Here are a few tips you should keep in mind to help gain a competitive edge:

  • Be on Time– Both you and the Hiring Manager are taking time out of your busy schedules to interview.  Tardiness conveys the other person’s time is not as important as yours. Show up 5-10 minutes early for your interview. It sets a professional tone and demonstrates you value the other persons time.
  • Dress for Success– Recruiter’s meet many external candidates who are eager to make a great first impression.  The way you carry yourself tells a lot about how you see yourself and how you want others to see you.  Take the time to dress to impress.  A neat and tidy appearance with professional ensemble goes a long way to help you stand out.
  • Treat this as a professional meeting– An interview is your chance to sell your professional portfolio and accomplishments. Block time off in your calendar where you are unavailable for meetings or phone calls. Checking your blackberry or answering a call during your interview signals you don’t take the meeting seriously. It also prevents you from concentrating on the questions being asked. Turn off your technology devices and give the Hiring Manager your full attention.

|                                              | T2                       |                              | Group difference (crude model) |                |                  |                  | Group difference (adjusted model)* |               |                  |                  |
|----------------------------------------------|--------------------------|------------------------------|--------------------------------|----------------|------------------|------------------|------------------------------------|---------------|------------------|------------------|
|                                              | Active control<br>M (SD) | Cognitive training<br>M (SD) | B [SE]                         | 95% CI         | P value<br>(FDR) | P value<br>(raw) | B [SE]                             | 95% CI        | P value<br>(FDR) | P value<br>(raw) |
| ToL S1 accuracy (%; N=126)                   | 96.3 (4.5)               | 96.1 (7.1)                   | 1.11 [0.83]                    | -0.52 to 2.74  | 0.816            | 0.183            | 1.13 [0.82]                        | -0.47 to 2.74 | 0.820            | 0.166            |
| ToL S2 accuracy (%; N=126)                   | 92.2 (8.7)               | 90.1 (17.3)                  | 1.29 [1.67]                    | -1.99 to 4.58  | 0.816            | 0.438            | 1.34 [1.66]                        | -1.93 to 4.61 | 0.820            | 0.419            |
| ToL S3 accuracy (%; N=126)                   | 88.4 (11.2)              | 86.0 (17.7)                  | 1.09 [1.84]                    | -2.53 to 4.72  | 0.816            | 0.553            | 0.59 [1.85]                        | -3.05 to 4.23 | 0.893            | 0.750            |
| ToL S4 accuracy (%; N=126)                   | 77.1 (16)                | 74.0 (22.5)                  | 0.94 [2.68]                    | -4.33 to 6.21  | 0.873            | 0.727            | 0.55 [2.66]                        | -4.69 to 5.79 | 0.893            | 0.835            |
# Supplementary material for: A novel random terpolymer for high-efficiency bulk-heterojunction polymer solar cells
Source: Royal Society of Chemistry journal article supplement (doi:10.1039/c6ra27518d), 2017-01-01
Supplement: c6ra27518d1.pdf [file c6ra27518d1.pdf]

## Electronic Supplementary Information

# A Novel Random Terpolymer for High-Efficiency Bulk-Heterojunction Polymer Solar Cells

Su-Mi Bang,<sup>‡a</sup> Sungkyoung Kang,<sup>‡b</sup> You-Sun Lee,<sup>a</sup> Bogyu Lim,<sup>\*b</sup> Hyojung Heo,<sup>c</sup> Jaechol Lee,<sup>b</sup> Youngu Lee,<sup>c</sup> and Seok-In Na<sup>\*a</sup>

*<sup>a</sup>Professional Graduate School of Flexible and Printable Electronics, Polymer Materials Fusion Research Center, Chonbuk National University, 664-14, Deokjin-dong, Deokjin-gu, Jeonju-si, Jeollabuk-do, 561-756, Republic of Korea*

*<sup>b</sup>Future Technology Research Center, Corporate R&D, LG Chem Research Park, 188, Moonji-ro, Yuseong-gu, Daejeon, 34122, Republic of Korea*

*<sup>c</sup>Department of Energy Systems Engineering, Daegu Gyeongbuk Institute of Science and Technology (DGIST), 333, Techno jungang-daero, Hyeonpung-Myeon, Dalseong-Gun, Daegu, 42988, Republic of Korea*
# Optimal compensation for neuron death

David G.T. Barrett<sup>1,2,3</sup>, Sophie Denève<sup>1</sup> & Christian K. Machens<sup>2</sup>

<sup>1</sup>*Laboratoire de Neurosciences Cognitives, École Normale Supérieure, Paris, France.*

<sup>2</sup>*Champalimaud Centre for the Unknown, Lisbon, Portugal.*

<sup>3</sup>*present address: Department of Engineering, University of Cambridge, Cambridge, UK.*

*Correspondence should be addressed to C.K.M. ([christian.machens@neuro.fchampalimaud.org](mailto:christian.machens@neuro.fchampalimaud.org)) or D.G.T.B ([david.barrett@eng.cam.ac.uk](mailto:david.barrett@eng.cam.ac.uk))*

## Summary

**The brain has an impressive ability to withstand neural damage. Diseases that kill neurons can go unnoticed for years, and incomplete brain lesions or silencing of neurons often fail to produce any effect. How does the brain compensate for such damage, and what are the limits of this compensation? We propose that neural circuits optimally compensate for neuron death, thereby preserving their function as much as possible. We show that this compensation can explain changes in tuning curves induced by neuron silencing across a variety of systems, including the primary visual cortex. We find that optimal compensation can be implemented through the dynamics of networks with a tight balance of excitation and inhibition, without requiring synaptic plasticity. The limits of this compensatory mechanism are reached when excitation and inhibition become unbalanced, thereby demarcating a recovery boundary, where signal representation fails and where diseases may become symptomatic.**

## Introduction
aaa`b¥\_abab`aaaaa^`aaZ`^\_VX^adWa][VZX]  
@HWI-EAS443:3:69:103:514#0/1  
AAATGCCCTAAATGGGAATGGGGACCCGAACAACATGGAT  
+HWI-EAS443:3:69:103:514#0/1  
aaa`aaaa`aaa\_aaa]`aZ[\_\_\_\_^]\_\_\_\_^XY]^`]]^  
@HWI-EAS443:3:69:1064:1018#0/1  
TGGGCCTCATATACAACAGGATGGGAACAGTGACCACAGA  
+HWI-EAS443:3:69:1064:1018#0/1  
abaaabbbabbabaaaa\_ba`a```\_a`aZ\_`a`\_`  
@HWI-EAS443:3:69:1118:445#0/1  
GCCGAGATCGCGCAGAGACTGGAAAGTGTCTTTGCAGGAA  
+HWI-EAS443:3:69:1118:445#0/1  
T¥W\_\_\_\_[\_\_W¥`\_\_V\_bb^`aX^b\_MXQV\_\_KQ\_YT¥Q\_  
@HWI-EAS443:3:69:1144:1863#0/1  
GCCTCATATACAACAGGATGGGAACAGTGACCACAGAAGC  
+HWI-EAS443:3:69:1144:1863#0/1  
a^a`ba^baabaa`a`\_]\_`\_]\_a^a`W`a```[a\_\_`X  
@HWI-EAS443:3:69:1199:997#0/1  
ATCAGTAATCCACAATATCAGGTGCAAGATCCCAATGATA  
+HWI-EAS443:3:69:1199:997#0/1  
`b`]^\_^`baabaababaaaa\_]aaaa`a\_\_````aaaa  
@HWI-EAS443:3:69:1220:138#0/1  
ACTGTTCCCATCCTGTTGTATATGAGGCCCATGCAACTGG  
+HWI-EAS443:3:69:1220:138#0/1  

• Find out about the business area and Hiring Manager– One of the most important things you can do prepare for an interview is learn about the Hiring Manager and business area. Many external candidates take the time to research   the company, business area and Manager before they arrive at the interview. As an employee you have a number of internal and external tools at your disposal to help you learn about the business and the Manager:
    • Your Intranet– Look up the business area to find out news items, organization structure, key initiatives, etc.
    • Collaboration Tools– Some business leaders have blogs. Research to see if the leadership team has a blog and see what they are writing about.